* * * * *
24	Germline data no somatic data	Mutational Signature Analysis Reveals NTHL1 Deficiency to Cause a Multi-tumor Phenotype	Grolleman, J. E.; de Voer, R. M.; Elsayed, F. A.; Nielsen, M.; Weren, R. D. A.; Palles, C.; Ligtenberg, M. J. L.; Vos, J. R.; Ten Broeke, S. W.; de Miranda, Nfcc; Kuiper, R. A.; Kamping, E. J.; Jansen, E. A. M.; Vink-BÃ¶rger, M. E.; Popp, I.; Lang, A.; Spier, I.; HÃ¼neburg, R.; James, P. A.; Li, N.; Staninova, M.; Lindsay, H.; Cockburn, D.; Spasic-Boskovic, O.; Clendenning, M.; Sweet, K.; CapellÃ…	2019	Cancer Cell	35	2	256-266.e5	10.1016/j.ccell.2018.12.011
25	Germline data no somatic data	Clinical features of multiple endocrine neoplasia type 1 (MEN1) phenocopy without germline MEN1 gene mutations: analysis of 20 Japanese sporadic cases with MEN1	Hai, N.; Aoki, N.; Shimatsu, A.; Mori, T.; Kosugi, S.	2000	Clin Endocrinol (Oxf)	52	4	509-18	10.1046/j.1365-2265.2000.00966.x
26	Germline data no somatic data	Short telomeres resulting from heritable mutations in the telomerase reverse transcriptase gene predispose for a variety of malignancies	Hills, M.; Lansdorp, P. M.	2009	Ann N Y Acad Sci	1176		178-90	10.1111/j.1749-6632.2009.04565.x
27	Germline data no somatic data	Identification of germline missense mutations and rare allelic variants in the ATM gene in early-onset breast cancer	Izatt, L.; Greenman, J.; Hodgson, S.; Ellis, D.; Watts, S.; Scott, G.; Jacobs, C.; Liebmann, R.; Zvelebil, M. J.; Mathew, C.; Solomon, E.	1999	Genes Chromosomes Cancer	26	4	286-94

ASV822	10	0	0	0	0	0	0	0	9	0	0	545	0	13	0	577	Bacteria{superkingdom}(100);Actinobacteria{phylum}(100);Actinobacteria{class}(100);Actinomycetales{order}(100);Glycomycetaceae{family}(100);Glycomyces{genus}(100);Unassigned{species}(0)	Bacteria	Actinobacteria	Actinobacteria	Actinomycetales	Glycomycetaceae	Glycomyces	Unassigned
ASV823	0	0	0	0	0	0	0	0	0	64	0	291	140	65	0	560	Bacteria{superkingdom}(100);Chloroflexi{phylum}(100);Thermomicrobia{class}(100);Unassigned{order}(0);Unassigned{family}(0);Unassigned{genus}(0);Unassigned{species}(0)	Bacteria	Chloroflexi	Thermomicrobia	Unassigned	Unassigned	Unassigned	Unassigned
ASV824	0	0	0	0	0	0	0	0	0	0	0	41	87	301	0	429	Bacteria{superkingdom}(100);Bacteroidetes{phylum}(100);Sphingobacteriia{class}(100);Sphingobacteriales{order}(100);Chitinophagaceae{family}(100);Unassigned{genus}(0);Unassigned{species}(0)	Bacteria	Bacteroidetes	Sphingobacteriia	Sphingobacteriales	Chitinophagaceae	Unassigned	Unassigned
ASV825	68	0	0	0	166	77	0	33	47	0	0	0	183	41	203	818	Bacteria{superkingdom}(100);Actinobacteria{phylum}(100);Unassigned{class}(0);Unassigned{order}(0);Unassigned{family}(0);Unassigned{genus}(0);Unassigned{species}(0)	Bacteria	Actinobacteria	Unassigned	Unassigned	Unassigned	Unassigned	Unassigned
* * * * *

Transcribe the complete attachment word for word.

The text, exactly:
24	Germline data no somatic data	Mutational Signature Analysis Reveals NTHL1 Deficiency to Cause a Multi-tumor Phenotype	Grolleman, J. E.; de Voer, R. M.; Elsayed, F. A.; Nielsen, M.; Weren, R. D. A.; Palles, C.; Ligtenberg, M. J. L.; Vos, J. R.; Ten Broeke, S. W.; de Miranda, Nfcc; Kuiper, R. A.; Kamping, E. J.; Jansen, E. A. M.; Vink-BÃ¶rger, M. E.; Popp, I.; Lang, A.; Spier, I.; HÃ¼neburg, R.; James, P. A.; Li, N.; Staninova, M.; Lindsay, H.; Cockburn, D.; Spasic-Boskovic, O.; Clendenning, M.; Sweet, K.; CapellÃ…	2019	Cancer Cell	35	2	256-266.e5	10.1016/j.ccell.2018.12.011
25	Germline data no somatic data	Clinical features of multiple endocrine neoplasia type 1 (MEN1) phenocopy without germline MEN1 gene mutations: analysis of 20 Japanese sporadic cases with MEN1	Hai, N.; Aoki, N.; Shimatsu, A.; Mori, T.; Kosugi, S.	2000	Clin Endocrinol (Oxf)	52	4	509-18	10.1046/j.1365-2265.2000.00966.x
26	Germline data no somatic data	Short telomeres resulting from heritable mutations in the telomerase reverse transcriptase gene predispose for a variety of malignancies	Hills, M.; Lansdorp, P. M.	2009	Ann N Y Acad Sci	1176		178-90	10.1111/j.1749-6632.2009.04565.x
27	Germline data no somatic data	Identification of germline missense mutations and rare allelic variants in the ATM gene in early-onset breast cancer	Izatt, L.; Greenman, J.; Hodgson, S.; Ellis, D.; Watts, S.; Scott, G.; Jacobs, C.; Liebmann, R.; Zvelebil, M. J.; Mathew, C.; Solomon, E.	1999	Genes Chromosomes Cancer	26	4	286-94

ASV822	10	0	0	0	0	0	0	0	9	0	0	545	0	13	0	577	Bacteria{superkingdom}(100);Actinobacteria{phylum}(100);Actinobacteria{class}(100);Actinomycetales{order}(100);Glycomycetaceae{family}(100);Glycomyces{genus}(100);Unassigned{species}(0)	Bacteria	Actinobacteria	Actinobacteria	Actinomycetales	Glycomycetaceae	Glycomyces	Unassigned
ASV823	0	0	0	0	0	0	0	0	0	64	0	291	140	65	0	560	Bacteria{superkingdom}(100);Chloroflexi{phylum}(100);Thermomicrobia{class}(100);Unassigned{order}(0);Unassigned{family}(0);Unassigned{genus}(0);Unassigned{species}(0)	Bacteria	Chloroflexi	Thermomicrobia	Unassigned	Unassigned	Unassigned	Unassigned
ASV824	0	0	0	0	0	0	0	0	0	0	0	41	87	301	0	429	Bacteria{superkingdom}(100);Bacteroidetes{phylum}(100);Sphingobacteriia{class}(100);Sphingobacteriales{order}(100);Chitinophagaceae{family}(100);Unassigned{genus}(0);Unassigned{species}(0)	Bacteria	Bacteroidetes	Sphingobacteriia	Sphingobacteriales	Chitinophagaceae	Unassigned	Unassigned
ASV825	68	0	0	0	166	77	0	33	47	0	0	0	183	41	203	818	Bacteria{superkingdom}(100);Actinobacteria{phylum}(100);Unassigned{class}(0);Unassigned{order}(0);Unassigned{family}(0);Unassigned{genus}(0);Unassigned{species}(0)	Bacteria	Actinobacteria	Unassigned	Unassigned	Unassigned	Unassigned	Unassigned